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Born on Veteran’s Day

I was born on November 11th, 1949–on Veterans’ Day–at a time when Veterans’ Day still had the power to haunt men’s eyes, and enchant children with displays of huge tanks and mounted guns, and–if this sounds impossible, remember, it was fifty-four years ago–even had the power to unite the citizens of a hometown in a spirit of reverence for the wounded and dead soldiers who had fought to keep our ’50s America boringly safe, endlessly calm. That’s how it felt, in upstate New York, fifty-four years ago today.

So it was a curious thing, to be a little boy whose birthday was Veterans’ Day. The very first year that I displayed a basic ability to understand English, my father–an ex-vaudevillian, always desperate to amuse himself–promised me that he’d made special arrangements for my birthday: the regular cake-and-playing-cowboy party wasn’t good enough for his son; no, there would be “big crowds marching right down Gennessee Street”-the main drag of Utica, New York, the decaying mill-town in which we lived.

I was a kid, but I wasn’t a nitwit, and I couldn’t figure out how my father could deliver on his promise. And when he actually did-when the surplus tanks rolled slowly past the boarded-up factories, and people lined the parade route as if posing for Norman Rockwell-I actually believed, for maybe twenty minutes, that somehow my father could work miracles. And even when the joke finally played itself out, and I was told the truth, I could still marvel that this day of commemoration could bring our dying town-and the whole country-closer to some real kind of Union.

Did I mention just how LONG ago that was? And that the universe is hurtling in reverse, at the speed of light?

Today’s always-compelling AOL News carried this story:

“Even as thousands of U.S. troops are stationed in war zones abroad, plans for Veterans’ Day parades across the country are being scaled back or scrapped.”

(Kind of cold, that “scrapped” thing, but shock was still dulling the true impact.)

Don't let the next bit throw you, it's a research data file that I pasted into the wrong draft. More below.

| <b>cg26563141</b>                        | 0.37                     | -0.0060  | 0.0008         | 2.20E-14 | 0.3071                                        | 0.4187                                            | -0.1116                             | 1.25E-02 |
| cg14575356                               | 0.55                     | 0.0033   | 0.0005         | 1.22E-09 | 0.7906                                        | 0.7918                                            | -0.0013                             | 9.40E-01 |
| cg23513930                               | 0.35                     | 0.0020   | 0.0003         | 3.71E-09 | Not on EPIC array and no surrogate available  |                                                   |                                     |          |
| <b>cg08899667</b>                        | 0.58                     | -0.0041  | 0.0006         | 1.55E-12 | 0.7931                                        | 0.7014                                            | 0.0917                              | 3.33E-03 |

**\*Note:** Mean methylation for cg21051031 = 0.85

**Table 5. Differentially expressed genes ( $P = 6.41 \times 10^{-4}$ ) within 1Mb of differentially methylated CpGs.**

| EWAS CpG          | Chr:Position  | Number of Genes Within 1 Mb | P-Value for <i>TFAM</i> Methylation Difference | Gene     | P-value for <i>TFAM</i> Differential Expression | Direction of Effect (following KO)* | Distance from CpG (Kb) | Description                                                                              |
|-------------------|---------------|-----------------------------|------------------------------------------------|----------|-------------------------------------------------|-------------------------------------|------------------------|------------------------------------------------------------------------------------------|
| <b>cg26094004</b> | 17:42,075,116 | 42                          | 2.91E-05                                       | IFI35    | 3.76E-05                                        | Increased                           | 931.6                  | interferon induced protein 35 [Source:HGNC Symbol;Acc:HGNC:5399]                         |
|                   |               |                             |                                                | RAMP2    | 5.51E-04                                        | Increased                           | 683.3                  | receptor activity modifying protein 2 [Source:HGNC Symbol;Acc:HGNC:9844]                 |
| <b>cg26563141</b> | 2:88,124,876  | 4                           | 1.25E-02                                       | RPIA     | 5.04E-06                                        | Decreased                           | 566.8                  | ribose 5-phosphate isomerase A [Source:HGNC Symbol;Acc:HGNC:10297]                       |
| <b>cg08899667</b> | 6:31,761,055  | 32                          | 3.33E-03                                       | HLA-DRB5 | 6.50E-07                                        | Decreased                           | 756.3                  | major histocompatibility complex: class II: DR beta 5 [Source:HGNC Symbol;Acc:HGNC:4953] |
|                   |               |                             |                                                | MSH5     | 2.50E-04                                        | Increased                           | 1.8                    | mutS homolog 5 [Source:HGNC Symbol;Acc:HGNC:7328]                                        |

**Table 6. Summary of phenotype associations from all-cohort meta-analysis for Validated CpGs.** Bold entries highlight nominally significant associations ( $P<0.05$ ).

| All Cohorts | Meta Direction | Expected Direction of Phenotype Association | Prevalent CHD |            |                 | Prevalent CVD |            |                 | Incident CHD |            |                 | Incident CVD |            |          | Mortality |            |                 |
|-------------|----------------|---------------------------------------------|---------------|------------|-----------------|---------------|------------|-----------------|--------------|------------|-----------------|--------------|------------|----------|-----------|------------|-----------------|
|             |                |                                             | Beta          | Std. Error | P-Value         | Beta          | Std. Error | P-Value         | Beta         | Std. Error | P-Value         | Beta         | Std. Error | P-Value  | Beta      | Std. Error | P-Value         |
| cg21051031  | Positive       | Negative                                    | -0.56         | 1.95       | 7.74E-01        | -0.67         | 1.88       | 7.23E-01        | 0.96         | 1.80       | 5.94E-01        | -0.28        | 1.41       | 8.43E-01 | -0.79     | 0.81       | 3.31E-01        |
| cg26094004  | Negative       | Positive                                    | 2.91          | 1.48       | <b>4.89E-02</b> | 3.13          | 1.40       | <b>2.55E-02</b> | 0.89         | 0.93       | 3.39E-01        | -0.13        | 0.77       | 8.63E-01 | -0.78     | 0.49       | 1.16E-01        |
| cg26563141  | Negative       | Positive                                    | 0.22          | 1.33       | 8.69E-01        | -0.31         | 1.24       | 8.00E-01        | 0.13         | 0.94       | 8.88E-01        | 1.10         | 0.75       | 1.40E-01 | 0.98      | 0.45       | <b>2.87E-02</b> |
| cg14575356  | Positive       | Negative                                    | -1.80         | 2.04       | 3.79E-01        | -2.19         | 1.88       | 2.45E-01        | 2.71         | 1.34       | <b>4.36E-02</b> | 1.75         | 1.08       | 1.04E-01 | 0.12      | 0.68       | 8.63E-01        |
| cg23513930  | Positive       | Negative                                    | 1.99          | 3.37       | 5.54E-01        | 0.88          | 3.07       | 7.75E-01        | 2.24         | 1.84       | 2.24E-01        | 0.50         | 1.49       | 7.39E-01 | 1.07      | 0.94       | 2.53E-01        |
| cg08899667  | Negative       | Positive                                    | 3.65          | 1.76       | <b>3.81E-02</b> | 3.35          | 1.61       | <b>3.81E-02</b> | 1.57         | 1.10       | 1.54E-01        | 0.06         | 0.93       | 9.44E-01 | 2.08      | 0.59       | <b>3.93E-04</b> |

“The problem? Not enough troops, tanks and HumVees to wow the patriotic crowds.”

(You might’ve hoped that truly “patriotic crowds” wouldn’t need to be “wowed” by Schwarzengger-style hardware-though perhaps the Governor would be willing to lend out some of his vehicles for the day; shouldn’t the fact that men and women are still willing to die and suffer for the love of their country “wow” American citizens itself?)

“Some cities are depending on Boy Scouts and other non-military marchers to fill the gaps (sic.)”

Bad idea. Spectacularly bad idea. Uh-uh. It’s no good using Boy Scouts, or defrocked priests, or distinguished-looking men in their 50s who are under arrest for corporate fraud as Ringer Vets. And don’t try rounding up homeless old men, promising them pints of Thunderbird if they’ll act like ex-infantrymen. Even if we can’t have marching bands anymore, and crowds along the parade route, and Life magazine-type images of joyful sailors kissing gorgeous civilian women, you’ve got to go with actual war veterans. Well, there are 131,600 troops deployed in Iraq right now, which makes them unavailable for public appearances. Fair enough. But–if nothing else–if you can’t scare up any vets in the flesh-if they’re too sick, and this is their “Off” week for heart medication because the government only pays for half their pills now-and even if the younger ones are wasting their days in the florescent-lit waiting-rooms of V.A. buildings, fighting to be officially diagnosed with Gulf War Disease-then at least, as Arthur Miller said, “attention must be paid.” Our warriors have to be honored somehow.